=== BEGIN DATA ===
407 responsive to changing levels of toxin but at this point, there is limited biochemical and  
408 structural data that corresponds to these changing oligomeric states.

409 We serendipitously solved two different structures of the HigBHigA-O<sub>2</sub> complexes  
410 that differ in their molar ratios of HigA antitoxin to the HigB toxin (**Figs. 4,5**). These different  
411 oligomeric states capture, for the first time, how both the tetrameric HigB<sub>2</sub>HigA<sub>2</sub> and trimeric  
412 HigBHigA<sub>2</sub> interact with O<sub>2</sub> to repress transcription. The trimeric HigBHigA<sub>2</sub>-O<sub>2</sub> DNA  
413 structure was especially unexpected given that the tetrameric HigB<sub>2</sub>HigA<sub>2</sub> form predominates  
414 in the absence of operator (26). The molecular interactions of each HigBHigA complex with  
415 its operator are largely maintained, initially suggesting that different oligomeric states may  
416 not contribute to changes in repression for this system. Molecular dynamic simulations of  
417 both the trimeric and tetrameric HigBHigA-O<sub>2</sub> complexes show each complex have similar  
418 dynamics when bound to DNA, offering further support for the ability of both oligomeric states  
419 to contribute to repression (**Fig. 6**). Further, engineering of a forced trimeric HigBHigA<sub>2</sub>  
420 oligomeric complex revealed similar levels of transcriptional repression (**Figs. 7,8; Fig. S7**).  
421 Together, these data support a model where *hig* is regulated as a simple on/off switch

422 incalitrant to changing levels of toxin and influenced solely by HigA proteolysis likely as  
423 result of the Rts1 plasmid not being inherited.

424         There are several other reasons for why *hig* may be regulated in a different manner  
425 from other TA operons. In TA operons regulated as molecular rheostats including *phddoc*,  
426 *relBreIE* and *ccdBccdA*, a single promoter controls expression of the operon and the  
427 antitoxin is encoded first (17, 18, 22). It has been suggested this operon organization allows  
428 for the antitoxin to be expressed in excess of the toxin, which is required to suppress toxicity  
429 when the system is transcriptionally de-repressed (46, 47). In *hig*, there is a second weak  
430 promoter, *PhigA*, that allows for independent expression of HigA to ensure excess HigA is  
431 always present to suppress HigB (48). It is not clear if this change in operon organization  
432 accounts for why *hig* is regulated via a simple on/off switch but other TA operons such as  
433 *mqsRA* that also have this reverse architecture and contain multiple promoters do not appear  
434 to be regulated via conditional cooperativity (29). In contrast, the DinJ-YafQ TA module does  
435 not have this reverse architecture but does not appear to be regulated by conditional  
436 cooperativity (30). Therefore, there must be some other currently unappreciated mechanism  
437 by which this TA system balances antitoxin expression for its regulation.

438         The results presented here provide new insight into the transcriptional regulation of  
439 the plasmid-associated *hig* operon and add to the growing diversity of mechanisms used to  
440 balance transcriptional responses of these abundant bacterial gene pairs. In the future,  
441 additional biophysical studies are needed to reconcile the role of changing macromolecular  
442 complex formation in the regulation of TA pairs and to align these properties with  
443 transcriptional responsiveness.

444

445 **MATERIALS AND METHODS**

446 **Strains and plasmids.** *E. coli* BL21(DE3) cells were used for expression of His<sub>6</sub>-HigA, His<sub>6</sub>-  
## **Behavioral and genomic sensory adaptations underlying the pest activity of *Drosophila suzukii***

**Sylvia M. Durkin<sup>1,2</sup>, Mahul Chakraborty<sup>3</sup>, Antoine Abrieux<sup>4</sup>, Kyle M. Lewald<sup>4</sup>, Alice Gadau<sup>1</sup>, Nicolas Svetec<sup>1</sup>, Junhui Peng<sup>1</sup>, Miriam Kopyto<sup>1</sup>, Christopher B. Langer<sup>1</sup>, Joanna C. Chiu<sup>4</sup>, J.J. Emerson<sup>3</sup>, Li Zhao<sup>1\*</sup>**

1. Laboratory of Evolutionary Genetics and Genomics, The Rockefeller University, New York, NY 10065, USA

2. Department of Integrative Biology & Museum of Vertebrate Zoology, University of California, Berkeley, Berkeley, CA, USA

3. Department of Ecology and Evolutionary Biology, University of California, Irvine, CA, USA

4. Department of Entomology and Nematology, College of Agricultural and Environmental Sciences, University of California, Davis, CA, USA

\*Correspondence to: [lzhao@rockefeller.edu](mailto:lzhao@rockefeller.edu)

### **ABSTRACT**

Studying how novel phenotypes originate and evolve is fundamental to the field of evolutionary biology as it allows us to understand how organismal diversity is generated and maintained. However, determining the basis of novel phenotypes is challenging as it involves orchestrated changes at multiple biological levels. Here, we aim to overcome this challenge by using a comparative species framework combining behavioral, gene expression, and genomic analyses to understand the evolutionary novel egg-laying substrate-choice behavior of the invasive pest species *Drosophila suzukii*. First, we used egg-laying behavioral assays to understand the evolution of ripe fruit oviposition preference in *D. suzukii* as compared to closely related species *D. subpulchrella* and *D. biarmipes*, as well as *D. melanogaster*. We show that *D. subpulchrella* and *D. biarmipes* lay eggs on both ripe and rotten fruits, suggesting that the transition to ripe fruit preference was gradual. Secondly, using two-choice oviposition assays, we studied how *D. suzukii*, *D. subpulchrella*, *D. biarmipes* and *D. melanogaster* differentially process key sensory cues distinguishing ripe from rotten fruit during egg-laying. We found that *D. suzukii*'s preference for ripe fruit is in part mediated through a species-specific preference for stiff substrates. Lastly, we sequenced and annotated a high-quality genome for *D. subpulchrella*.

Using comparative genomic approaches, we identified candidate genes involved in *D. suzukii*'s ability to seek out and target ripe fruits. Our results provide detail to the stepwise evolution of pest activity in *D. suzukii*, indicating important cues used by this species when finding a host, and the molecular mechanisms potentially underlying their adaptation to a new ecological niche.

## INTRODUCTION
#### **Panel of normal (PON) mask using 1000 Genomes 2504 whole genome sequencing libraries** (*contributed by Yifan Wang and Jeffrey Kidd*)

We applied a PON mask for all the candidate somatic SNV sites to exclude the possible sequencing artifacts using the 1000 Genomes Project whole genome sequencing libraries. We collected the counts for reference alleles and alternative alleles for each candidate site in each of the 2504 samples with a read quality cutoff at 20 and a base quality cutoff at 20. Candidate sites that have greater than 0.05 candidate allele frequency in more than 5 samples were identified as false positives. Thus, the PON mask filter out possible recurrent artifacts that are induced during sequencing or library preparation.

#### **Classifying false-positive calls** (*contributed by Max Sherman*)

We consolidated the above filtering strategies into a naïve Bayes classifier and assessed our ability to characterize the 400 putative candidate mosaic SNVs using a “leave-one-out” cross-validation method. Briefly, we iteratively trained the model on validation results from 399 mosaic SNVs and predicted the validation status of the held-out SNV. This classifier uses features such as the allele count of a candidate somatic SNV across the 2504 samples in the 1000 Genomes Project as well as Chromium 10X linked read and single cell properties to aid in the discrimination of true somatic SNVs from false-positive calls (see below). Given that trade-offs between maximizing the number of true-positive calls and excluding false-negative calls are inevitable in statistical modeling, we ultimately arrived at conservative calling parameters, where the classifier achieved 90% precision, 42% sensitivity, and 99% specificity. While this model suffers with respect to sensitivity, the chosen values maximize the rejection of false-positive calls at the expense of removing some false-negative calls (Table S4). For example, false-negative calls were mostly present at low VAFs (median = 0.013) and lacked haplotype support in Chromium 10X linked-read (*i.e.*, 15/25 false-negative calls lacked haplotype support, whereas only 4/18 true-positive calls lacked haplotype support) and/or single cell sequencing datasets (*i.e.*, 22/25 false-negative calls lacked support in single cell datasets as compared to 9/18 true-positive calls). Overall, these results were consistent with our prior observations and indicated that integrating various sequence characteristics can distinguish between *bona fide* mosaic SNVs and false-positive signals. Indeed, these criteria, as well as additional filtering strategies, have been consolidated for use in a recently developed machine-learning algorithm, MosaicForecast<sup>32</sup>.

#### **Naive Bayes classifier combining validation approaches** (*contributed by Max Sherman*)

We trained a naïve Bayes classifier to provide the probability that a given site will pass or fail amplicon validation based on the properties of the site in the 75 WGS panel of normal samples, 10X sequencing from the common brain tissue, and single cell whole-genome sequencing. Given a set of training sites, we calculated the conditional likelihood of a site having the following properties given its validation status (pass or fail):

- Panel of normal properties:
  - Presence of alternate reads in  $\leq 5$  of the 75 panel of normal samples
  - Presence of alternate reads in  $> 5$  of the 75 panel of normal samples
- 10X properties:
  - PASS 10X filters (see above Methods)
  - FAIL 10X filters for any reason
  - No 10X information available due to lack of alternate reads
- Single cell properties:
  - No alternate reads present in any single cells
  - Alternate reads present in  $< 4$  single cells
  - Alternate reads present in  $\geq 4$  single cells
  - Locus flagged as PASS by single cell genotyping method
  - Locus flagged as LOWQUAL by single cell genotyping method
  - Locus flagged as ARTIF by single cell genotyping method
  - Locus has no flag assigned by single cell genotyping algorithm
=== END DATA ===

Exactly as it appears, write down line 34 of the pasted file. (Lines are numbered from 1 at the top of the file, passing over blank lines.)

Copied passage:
440 balance transcriptional responses of these abundant bacterial gene pairs. In the future,  